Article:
Join Marlene Daut in conversation with History Today Editor, Paul Lay, as they discuss the background of the Haitian Revolution, Toussaint Louverture, and the revolution's legacies.Marlene has written an article for the June issue of History To
The city of Thebes was central to the ancient Greeks’ achievements in politics and culture. For many centuries it has been largely – and often deliberately – forgotten.Join Paul Cartledge in conversation with History Today Editor, Paul Lay, as
In the 17th century, fanciful solutions to the mystery of the swallow’s whereabouts were the result of an intense battle over the nature of scientific reasoning, which had been raging for centuries – and which is still raging today. This artic
Myanmar’s colonial legacy includes racial hierarchies and authoritarian government. In the new nation state, not everyone is welcome. To understand why Rakhine State is in such turmoil we need to follow the threads of ethnic nationalism back t
Four historians discuss what we learn from history about how diseases spread, and how we respond to them.Buy a copy of the April issue of History Today from our website: www.historytoday.comJohn Henderson: ‘Strategies to cope with plague have f
France’s attraction to right-wing populism has been a constant, if shape-shifting, presence in its politics since the end of the 19th century.This article appeared in the April 2020 edition of History Today. Read the article online or buy a cop
In 1942, Lieutenant Lyudmila Pavlichenko, a Soviet frontline sniper, was sent on a mission to convince US and British allies to open up a Second Front against Hitler’s forces.Her arrival in Washington DC coincided with a historic moment of Amer
In March 1876, the young Sigmund Freud arrived in Trieste, looking for the testicles of an eel. For centuries past, these troublesome organs had proved elusive. Despite the most intensive – not to say intimate – research, no one had managed to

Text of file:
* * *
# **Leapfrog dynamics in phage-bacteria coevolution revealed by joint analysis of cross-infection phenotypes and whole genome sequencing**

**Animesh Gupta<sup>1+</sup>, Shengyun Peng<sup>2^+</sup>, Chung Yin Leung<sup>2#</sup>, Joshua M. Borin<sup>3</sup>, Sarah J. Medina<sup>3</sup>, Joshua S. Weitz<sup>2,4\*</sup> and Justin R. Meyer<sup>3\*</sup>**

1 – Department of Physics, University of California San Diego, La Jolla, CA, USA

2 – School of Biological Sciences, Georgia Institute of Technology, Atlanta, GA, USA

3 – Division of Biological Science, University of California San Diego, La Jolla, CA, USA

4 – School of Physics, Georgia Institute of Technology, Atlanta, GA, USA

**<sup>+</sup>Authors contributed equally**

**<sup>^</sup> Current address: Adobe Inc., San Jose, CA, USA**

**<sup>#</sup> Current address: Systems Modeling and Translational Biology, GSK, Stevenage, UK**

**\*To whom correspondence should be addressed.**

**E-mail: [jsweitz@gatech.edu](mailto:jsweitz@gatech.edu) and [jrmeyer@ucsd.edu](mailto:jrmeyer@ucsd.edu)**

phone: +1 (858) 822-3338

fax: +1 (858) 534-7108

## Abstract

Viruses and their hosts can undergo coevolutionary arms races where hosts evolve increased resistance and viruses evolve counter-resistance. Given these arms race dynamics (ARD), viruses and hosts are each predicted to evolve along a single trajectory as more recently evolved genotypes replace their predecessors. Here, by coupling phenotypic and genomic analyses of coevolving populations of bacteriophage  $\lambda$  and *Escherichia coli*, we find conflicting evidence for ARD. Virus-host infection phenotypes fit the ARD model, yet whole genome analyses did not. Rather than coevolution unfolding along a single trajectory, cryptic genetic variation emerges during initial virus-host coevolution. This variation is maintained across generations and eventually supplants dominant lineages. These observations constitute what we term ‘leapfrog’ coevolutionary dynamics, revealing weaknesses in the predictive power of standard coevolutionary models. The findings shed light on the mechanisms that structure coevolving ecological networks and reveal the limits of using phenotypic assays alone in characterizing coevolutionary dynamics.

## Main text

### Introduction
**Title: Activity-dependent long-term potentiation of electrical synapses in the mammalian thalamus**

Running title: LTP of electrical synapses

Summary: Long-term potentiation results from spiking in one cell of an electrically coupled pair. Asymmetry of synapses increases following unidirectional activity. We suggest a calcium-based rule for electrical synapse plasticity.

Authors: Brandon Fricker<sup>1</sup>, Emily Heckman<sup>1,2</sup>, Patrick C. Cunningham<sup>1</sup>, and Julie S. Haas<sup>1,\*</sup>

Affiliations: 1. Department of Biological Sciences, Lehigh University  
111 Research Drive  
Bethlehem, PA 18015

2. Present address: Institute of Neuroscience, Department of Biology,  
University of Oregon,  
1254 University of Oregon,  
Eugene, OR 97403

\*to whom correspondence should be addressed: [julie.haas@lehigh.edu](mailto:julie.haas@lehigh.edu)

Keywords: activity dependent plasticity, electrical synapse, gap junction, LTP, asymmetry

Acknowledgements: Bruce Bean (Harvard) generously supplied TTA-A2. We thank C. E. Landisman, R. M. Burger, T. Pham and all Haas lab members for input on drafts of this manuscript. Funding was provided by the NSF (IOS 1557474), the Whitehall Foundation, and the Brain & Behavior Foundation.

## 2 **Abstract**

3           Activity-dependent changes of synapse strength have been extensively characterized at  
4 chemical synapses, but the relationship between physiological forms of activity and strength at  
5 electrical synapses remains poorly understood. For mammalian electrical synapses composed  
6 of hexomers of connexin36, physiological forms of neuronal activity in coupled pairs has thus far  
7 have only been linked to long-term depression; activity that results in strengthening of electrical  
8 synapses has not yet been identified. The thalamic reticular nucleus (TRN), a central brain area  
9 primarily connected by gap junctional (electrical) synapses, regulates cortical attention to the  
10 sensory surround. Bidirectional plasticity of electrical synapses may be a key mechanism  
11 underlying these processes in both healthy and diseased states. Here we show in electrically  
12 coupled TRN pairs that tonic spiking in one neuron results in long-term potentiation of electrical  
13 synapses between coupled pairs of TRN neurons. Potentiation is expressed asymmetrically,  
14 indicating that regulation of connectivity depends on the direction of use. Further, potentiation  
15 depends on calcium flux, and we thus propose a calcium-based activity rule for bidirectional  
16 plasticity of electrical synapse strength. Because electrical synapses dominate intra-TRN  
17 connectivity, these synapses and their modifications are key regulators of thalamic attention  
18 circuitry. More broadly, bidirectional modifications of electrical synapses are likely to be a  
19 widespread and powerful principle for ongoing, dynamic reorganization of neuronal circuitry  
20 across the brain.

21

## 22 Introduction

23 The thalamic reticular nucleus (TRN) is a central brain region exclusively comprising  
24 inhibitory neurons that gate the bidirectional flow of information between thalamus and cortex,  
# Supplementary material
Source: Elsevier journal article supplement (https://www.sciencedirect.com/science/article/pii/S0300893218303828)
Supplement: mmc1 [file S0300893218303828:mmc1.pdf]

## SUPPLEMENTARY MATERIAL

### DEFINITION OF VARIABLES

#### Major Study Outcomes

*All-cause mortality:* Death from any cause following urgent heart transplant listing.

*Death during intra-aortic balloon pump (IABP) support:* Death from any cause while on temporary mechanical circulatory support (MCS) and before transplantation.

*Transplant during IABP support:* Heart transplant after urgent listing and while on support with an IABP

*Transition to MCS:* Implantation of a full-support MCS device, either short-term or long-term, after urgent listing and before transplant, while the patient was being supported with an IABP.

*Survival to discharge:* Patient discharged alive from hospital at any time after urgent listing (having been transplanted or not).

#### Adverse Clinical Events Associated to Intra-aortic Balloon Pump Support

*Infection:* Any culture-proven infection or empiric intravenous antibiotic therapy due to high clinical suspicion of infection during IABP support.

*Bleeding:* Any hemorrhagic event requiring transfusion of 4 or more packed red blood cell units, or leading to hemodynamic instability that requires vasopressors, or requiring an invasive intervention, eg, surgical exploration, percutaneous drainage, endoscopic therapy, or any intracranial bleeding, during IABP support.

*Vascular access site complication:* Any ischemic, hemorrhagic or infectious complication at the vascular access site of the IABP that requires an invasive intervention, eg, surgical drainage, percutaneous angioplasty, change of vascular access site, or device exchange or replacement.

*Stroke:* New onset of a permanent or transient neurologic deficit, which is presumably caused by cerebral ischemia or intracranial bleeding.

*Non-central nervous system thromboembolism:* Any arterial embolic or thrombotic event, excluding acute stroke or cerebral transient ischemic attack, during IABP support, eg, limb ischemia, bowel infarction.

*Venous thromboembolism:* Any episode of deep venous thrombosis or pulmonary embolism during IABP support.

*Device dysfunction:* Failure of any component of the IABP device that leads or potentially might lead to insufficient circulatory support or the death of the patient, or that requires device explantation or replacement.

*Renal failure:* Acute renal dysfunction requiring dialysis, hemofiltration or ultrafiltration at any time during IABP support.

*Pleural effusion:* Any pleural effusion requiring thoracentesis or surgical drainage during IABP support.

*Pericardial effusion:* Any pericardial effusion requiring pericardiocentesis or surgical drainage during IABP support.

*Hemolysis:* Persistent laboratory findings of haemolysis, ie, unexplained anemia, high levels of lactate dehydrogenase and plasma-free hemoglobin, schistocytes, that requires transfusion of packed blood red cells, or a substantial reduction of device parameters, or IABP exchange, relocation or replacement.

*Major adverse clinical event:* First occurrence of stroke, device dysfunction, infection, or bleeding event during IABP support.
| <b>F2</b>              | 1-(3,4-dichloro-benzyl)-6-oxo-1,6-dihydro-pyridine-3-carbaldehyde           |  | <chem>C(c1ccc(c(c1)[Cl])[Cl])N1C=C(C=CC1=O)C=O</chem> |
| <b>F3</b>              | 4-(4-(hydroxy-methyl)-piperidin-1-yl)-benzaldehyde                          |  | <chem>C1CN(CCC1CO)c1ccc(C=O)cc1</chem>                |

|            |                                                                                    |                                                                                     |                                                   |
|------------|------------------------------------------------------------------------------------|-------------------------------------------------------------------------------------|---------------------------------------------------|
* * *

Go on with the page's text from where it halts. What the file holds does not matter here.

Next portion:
This year, the US looks back four centuries to an intrepid band of refugees making a perilous home in New England. The Mayflower pilgrims had been outlaws in England, members of an underground church known as the Brownists or Separatists. They
In 1867, a notorious divorce case revealed the horrific methods with which one London surgeon was treating his patients.This article appeared in the February 2020 edition of History Today. Read the article online or buy a copy of this issue fro
In this new podcast series, we speak with historians who are leading in their field. Each episode will be on a different subject and era; and a chance to hear the stories, to ask questions and to indulge our curiosity, with the experts in the a
Historian Michael Burleigh discusses his new book The Best of Times, the Worst of Times: A History of Now. Is the United States in permanent decline? Will China replace it as the global superpower? Are we entering a post-democratic world? And h
Maiken Umbach and Neil Gregor join History Today editor Paul Lay to discuss the new critical edition of Hitler's notorious book. See acast.com/privacy for privacy and opt-out information.